Monday, November 05, 2007

Complexity in Cell Biology

Fighting Complexity

Cell biologists aim to understand the cell as the smallest unit of life. Each cell in our body contains about 30,000 different genes that code for many more different proteins. Most of these proteins exist in numerous copies within the same cell. We assume that each type of protein has at least one, but most likely several, specific cellular functions. Cell biologists aim to discover these functions by asking: "Which protein does what and how do all these proteins work in concert to regulate the cell as part of the organism?"

One important tool to find the function of a protein is to visualize its location in the context of the overwhelming complexity of a single cell. This can be done by using 'antibodies', sensor proteins that bind only to a very distinct target within the total protein population. Specific antibodies are the 'prime weapon' of the cell biologists to 'fight the cellular complexity' by visually isolating only a tiny subset of proteins. This helps to study their function inside the crowded environment of a cell.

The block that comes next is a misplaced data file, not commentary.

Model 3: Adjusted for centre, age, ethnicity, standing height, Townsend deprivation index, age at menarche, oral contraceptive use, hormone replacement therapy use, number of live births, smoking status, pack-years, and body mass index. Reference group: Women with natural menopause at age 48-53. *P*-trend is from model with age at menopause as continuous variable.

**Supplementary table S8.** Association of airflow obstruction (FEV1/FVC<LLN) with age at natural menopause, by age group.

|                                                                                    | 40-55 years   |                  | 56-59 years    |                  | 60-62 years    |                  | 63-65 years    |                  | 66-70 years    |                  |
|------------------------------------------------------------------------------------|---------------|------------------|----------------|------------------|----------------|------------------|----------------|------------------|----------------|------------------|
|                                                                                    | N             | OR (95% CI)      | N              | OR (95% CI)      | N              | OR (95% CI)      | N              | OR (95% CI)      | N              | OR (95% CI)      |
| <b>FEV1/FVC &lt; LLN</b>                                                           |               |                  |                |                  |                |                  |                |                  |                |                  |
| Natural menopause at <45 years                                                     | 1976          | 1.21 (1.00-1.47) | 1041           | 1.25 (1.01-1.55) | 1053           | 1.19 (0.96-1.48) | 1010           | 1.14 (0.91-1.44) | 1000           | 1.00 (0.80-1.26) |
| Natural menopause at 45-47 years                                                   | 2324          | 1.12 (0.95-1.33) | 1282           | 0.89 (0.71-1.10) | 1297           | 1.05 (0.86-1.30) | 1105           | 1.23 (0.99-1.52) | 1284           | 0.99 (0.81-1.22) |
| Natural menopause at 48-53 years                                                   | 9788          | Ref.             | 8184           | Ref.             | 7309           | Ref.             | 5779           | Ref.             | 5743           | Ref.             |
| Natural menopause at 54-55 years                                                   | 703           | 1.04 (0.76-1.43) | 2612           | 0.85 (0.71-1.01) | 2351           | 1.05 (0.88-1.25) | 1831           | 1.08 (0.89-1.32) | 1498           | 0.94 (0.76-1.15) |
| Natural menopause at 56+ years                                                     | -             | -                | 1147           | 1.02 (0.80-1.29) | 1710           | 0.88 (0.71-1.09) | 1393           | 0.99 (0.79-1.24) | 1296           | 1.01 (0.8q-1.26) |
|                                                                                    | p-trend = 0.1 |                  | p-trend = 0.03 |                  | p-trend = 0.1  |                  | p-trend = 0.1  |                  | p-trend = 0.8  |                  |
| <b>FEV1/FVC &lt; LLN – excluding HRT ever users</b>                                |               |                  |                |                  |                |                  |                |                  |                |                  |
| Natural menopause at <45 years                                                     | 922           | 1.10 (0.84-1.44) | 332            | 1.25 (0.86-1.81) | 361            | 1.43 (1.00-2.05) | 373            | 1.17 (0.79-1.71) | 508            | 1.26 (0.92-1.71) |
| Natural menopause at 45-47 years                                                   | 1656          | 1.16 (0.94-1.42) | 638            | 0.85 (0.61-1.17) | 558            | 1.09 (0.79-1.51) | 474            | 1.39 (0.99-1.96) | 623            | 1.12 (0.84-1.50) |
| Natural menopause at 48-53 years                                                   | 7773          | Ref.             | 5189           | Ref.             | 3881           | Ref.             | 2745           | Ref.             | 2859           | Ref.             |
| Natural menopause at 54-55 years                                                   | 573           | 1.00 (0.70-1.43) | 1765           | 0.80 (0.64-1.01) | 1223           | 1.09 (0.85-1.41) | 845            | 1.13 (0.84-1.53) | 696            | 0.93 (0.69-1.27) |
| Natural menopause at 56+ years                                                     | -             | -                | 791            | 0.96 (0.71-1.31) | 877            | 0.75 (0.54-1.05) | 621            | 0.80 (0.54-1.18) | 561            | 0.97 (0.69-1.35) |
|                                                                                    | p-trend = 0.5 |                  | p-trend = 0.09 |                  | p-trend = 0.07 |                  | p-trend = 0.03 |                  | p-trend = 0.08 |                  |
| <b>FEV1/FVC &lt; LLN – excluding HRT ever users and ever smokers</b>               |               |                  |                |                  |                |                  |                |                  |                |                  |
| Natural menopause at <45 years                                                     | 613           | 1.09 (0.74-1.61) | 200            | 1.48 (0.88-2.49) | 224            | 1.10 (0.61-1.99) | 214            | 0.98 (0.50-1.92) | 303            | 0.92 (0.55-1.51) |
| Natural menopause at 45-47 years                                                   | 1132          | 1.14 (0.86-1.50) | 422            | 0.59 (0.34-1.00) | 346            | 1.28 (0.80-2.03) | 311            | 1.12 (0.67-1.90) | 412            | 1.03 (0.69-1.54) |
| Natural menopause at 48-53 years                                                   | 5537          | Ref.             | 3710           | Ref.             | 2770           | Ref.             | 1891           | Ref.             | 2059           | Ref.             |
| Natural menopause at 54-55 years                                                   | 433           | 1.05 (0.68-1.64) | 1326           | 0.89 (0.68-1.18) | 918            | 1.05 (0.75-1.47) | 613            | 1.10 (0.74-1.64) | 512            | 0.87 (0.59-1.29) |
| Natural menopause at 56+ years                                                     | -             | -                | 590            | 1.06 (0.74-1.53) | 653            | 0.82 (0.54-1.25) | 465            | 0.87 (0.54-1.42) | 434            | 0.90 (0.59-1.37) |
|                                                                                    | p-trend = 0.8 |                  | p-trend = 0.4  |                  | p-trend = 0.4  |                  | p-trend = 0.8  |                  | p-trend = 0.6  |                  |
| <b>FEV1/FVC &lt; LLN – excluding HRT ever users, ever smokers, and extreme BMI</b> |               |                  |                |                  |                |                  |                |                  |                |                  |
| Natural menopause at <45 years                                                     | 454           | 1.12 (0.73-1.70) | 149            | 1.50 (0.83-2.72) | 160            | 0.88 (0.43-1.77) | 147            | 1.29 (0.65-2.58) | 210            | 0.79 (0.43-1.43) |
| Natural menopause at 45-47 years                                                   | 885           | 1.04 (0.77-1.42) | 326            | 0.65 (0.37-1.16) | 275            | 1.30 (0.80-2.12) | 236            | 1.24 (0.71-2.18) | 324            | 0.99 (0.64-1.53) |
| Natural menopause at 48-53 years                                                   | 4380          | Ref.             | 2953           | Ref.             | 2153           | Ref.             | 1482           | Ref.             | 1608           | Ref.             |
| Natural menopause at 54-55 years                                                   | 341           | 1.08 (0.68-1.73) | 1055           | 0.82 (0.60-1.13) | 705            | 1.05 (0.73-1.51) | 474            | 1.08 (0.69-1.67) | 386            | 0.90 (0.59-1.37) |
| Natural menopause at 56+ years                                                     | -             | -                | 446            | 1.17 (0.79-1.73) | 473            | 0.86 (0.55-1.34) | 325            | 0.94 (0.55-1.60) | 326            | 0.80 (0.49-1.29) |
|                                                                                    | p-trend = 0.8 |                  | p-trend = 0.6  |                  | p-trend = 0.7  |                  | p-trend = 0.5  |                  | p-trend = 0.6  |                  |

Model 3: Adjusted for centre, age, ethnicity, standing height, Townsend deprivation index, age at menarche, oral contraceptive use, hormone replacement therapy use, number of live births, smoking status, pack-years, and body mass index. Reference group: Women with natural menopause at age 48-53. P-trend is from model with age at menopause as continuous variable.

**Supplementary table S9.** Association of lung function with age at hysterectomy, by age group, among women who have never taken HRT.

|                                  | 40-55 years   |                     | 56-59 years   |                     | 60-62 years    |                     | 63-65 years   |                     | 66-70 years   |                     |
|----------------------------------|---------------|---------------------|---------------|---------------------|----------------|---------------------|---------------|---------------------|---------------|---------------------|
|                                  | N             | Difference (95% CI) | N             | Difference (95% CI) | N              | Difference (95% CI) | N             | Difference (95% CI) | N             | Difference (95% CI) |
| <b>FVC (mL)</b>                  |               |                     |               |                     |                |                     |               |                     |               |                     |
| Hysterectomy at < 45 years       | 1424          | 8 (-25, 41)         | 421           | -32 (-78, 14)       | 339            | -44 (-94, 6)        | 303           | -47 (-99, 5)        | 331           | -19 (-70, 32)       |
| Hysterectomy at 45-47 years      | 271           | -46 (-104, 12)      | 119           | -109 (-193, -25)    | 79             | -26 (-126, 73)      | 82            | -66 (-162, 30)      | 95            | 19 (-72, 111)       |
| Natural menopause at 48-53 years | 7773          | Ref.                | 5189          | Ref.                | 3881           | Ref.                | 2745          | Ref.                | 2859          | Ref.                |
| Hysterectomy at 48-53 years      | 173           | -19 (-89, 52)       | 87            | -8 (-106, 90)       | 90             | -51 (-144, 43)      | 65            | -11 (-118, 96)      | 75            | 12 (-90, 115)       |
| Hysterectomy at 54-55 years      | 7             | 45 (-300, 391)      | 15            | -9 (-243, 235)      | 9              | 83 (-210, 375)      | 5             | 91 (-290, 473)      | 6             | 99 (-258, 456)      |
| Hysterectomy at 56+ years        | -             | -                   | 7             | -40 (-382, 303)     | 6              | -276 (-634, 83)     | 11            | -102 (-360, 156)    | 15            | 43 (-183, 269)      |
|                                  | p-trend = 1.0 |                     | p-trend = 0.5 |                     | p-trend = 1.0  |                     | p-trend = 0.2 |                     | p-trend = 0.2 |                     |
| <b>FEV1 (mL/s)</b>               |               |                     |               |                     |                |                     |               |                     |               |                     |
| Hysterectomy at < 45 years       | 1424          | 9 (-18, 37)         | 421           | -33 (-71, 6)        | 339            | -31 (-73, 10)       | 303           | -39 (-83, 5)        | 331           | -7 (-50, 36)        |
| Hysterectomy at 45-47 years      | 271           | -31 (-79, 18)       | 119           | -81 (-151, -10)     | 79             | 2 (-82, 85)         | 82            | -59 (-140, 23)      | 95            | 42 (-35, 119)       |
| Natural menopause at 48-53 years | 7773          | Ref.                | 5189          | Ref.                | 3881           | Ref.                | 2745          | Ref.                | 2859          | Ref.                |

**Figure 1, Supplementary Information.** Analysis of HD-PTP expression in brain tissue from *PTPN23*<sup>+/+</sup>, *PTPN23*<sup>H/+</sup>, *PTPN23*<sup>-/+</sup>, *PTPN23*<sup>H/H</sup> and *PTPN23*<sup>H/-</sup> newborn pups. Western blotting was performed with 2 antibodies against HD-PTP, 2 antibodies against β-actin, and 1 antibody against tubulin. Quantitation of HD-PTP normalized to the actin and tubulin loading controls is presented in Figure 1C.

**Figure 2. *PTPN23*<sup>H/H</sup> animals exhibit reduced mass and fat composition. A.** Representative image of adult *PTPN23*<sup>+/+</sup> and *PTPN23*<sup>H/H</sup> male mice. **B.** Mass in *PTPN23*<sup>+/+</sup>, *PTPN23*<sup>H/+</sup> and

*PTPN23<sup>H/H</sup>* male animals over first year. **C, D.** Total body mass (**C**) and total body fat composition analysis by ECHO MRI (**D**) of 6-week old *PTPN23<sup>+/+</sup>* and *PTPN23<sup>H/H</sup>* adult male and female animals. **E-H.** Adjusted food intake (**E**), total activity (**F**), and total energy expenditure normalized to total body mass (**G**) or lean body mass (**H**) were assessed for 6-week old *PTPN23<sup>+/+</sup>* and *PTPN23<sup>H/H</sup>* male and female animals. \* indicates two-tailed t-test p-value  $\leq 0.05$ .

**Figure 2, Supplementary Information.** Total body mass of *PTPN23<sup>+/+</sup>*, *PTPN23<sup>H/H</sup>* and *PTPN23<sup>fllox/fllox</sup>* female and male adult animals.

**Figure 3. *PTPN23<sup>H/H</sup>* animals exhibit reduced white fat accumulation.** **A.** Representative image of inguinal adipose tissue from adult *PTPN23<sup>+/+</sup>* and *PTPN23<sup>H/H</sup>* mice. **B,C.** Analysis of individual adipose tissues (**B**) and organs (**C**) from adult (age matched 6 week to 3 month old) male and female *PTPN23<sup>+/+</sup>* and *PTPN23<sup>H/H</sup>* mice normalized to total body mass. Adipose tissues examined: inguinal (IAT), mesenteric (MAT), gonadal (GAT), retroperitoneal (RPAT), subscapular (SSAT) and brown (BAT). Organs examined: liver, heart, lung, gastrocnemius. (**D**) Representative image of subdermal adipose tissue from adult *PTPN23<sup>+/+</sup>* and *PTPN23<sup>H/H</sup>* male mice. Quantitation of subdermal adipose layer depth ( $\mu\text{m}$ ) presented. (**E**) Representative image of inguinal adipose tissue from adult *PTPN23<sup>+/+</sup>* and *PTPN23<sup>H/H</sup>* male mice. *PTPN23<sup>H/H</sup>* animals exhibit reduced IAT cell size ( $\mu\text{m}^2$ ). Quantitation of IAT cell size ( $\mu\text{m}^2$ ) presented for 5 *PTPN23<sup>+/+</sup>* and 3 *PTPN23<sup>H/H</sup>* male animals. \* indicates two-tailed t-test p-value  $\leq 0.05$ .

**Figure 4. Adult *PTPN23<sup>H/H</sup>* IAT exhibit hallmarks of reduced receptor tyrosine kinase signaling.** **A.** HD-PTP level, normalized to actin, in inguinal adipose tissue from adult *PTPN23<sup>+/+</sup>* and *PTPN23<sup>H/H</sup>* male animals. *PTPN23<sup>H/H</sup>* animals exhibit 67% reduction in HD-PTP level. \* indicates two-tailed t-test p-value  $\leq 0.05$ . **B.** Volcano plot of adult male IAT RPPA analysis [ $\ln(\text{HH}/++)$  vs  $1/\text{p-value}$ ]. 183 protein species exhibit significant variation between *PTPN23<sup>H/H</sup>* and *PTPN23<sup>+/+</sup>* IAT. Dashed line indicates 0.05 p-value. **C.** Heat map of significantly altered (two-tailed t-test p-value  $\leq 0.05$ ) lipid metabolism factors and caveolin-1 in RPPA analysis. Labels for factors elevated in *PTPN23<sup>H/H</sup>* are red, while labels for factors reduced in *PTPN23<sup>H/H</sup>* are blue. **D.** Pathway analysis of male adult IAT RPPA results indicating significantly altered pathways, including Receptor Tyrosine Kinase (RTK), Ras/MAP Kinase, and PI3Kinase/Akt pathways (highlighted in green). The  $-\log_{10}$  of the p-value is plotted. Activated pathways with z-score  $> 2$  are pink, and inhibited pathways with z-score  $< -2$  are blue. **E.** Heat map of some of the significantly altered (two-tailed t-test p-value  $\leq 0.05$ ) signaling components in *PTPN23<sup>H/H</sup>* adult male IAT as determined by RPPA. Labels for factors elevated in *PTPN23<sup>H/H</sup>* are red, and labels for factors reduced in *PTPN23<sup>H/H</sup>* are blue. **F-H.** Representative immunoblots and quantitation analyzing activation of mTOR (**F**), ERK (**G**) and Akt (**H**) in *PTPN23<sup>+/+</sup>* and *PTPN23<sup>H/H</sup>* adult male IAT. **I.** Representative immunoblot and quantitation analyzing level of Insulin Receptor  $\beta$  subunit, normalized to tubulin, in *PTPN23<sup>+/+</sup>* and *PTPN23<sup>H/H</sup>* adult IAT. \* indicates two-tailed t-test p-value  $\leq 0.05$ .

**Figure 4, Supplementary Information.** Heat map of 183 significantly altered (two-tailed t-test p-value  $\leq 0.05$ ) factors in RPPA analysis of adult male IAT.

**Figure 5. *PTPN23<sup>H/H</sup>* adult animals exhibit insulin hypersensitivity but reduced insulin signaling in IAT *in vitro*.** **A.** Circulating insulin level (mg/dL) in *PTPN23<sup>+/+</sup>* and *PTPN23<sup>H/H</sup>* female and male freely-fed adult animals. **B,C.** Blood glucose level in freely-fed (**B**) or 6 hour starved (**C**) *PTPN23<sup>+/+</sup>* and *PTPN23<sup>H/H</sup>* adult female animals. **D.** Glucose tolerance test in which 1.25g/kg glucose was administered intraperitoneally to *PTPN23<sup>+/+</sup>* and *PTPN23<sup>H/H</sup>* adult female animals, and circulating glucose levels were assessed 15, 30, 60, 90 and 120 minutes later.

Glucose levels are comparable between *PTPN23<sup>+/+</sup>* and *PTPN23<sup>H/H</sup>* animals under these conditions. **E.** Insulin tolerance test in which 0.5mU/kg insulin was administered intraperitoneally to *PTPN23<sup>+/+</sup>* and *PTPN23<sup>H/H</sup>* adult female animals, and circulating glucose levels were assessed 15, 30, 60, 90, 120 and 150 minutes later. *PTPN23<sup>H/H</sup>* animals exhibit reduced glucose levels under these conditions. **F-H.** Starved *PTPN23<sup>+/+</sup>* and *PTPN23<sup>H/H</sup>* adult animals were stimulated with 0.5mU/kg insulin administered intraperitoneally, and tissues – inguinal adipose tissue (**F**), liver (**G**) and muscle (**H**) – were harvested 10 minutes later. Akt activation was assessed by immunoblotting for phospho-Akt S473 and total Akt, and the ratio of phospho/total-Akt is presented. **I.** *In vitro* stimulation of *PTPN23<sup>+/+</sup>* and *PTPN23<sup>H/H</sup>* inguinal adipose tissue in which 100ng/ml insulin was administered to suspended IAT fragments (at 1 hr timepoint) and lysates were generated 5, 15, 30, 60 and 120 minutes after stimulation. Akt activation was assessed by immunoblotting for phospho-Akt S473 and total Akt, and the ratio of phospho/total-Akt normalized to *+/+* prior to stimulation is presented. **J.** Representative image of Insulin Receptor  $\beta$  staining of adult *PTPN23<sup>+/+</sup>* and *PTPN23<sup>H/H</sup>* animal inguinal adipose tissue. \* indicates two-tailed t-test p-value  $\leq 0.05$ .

'Cell Portraits' displays images that have been created by using specific antibodies against cellular structures, including the cytoskeletal network (filamentous structures), the cell-to-cell contacts (peripheral dotty lines) and the DNA in the nucleus (egg shaped center of the cell).

Jan Schmoranzer is a cell biologist and physicist at Gunderson Lab, Columbia University

Tuesday, July 31, 2007

Complexity in Art

The subject is complexity. In November 2006 I gave a keynote lecture "Managing Complexity" at an annual meeting of financial controllers in Vienna. While I was asked to speak about the topic from a historical, philosophical, and scientific background, I promised to showcase some of my art work in so far as it relates to the theme. The following three examples serve as the first posts here and they portray some of my thoughts on it. You are invited to offer your comments to continue and enrich the dialog.

Richard Jochum